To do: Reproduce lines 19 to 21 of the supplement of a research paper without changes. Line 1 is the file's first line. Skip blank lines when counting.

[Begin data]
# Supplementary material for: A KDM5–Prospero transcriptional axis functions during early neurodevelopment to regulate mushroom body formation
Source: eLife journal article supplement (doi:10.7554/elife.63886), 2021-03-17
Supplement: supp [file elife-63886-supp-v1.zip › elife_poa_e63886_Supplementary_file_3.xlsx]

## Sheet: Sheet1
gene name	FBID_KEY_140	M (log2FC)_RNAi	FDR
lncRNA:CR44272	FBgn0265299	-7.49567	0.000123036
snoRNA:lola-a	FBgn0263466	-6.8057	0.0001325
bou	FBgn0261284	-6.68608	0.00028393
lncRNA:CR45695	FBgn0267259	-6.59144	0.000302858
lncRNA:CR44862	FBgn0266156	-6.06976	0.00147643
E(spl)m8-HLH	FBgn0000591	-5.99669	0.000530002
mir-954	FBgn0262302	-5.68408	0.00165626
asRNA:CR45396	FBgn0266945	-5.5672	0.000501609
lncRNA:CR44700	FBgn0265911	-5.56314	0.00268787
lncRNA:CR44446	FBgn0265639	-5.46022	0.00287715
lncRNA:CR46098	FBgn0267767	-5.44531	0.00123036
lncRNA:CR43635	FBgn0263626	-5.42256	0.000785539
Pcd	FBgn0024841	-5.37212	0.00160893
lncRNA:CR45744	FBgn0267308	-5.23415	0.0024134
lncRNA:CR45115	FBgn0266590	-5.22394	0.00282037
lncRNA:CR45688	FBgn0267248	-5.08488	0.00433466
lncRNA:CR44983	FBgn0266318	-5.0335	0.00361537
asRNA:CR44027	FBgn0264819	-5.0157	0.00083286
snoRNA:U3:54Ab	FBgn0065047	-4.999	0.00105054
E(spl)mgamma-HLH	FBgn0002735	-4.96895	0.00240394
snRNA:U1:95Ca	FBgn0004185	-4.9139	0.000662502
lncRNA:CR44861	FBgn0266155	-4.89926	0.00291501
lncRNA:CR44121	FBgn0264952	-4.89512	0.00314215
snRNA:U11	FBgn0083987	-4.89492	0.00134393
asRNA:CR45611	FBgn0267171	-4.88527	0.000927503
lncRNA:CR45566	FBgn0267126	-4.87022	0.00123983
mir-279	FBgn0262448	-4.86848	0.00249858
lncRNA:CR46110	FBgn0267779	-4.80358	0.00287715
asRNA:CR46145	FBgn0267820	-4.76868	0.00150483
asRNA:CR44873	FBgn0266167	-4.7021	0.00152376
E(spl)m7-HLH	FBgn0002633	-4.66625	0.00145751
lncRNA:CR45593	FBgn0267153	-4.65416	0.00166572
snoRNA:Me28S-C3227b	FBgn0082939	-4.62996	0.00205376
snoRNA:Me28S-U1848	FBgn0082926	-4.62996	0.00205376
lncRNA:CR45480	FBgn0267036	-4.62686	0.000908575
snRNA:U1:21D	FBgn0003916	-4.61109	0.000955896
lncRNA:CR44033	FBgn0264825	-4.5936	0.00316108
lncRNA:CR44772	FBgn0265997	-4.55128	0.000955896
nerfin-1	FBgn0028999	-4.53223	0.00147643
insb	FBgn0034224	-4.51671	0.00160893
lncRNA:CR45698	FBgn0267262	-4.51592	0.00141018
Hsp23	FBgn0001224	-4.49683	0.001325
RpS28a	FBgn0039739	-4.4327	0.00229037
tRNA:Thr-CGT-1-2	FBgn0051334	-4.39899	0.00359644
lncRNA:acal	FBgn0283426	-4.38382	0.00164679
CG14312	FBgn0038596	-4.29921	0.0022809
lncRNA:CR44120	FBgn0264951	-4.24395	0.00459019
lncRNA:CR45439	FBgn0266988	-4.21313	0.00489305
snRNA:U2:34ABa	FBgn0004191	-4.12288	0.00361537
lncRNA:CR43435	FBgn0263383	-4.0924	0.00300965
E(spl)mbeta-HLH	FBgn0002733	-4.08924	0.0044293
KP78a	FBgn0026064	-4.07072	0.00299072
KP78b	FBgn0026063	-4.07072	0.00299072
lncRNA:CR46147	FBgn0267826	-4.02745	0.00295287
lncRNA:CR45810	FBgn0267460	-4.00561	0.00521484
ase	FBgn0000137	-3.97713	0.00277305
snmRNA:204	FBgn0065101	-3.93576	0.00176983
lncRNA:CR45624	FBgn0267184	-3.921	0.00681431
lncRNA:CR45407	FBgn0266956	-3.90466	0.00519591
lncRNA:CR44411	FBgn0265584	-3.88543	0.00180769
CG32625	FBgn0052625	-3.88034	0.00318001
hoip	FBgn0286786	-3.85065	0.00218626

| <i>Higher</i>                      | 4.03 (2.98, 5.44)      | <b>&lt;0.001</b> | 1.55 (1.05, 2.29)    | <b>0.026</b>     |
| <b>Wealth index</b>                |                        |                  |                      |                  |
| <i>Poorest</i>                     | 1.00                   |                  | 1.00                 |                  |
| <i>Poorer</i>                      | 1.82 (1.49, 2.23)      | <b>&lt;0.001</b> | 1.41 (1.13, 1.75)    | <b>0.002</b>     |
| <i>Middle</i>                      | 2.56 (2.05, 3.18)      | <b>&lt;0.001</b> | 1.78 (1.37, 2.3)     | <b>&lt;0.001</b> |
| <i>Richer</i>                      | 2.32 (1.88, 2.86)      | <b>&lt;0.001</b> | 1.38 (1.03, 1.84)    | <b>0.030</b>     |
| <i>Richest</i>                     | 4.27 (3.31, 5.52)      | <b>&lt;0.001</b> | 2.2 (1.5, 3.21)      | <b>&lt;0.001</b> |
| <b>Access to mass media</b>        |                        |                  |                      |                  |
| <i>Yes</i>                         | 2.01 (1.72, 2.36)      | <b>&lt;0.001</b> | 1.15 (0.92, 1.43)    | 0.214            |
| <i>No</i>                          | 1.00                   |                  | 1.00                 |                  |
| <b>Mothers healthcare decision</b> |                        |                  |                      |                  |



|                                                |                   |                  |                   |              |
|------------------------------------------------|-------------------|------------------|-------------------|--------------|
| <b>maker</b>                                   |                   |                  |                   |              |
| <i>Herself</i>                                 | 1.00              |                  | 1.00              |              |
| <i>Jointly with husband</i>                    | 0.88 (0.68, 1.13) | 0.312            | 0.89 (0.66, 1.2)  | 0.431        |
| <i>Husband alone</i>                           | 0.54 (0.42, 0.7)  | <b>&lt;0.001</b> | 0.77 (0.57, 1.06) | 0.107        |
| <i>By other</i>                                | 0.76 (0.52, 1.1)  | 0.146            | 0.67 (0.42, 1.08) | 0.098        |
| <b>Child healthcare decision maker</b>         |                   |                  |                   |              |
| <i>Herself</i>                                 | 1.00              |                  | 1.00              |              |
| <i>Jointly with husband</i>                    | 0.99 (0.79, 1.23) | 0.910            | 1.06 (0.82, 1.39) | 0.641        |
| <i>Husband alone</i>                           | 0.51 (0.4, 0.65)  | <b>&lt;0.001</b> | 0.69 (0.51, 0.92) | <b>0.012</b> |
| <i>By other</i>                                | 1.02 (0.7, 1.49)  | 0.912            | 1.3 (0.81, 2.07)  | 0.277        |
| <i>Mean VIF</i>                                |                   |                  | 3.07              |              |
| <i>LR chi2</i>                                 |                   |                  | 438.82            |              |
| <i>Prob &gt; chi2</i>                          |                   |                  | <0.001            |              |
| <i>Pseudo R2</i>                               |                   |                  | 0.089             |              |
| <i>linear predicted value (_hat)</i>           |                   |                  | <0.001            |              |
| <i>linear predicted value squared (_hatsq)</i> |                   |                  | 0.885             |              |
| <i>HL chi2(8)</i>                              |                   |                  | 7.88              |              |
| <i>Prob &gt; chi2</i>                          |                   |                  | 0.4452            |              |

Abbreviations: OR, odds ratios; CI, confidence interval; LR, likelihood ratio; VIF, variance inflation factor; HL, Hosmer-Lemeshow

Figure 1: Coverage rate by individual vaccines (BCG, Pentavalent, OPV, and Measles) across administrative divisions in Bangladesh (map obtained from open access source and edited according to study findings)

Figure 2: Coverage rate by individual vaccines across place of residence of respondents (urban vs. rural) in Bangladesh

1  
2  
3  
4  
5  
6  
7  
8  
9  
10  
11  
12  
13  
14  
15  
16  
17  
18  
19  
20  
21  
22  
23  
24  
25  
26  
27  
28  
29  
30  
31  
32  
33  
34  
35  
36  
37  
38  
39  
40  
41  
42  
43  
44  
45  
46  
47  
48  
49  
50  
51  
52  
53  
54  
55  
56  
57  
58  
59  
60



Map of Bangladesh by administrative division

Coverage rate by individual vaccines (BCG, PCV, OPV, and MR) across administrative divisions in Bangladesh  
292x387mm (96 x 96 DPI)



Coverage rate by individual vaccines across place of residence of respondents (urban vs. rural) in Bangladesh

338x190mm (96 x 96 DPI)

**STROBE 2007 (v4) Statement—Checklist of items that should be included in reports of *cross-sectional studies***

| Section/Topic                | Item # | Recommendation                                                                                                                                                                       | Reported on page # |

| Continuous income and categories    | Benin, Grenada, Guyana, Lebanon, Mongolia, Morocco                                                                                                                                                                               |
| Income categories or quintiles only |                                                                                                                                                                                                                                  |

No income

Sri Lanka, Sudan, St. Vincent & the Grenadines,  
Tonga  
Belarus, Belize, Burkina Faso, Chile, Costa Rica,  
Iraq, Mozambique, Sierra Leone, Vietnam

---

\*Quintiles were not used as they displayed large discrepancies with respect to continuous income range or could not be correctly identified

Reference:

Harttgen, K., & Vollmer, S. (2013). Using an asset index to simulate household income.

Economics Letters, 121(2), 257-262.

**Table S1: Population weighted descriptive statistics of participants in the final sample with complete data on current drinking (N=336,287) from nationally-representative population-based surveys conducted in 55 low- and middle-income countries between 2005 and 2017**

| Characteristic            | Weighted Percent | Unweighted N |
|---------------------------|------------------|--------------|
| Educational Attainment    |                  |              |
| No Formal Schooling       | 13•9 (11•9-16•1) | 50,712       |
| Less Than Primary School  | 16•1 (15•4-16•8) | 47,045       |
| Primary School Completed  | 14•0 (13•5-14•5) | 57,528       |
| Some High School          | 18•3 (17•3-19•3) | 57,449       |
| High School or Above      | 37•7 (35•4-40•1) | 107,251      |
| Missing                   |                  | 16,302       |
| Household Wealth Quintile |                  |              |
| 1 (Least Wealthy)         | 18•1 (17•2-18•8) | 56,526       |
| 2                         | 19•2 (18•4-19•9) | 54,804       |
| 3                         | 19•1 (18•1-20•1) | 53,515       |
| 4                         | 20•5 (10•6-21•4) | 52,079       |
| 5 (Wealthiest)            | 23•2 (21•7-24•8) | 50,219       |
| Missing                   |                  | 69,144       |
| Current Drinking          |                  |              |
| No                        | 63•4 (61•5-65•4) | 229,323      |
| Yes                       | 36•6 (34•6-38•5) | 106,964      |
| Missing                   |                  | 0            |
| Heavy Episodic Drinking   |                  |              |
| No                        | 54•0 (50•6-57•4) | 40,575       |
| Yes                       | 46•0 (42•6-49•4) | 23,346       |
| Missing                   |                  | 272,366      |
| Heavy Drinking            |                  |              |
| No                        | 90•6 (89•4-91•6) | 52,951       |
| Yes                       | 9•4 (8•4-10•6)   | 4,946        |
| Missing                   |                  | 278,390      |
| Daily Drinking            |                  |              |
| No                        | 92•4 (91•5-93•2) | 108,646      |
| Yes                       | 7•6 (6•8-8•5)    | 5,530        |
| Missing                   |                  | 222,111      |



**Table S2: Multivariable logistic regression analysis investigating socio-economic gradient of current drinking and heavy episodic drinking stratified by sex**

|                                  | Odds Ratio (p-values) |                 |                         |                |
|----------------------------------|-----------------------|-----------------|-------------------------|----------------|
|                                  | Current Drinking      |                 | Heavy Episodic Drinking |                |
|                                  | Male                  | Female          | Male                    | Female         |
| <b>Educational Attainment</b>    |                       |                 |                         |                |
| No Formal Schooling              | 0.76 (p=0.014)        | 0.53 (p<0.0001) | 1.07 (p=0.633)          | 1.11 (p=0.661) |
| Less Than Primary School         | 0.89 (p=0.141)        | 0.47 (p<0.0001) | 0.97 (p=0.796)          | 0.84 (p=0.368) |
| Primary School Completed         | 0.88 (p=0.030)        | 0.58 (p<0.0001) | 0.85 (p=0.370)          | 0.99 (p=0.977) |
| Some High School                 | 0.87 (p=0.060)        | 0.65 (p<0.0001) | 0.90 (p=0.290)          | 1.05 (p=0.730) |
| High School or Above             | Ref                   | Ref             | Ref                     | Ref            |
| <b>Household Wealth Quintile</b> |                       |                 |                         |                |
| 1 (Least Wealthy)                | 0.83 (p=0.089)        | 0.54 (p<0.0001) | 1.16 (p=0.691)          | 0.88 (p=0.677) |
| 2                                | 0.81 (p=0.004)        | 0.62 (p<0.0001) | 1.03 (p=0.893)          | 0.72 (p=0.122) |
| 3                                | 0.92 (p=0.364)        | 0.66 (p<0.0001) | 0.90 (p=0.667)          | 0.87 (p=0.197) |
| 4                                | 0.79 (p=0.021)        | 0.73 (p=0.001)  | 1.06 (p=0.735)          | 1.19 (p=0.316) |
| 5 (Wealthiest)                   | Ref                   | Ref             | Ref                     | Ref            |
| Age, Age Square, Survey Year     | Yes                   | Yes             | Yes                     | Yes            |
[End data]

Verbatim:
lncRNA:CR45744	FBgn0267308	-5.23415	0.0024134
lncRNA:CR45115	FBgn0266590	-5.22394	0.00282037
lncRNA:CR45688	FBgn0267248	-5.08488	0.00433466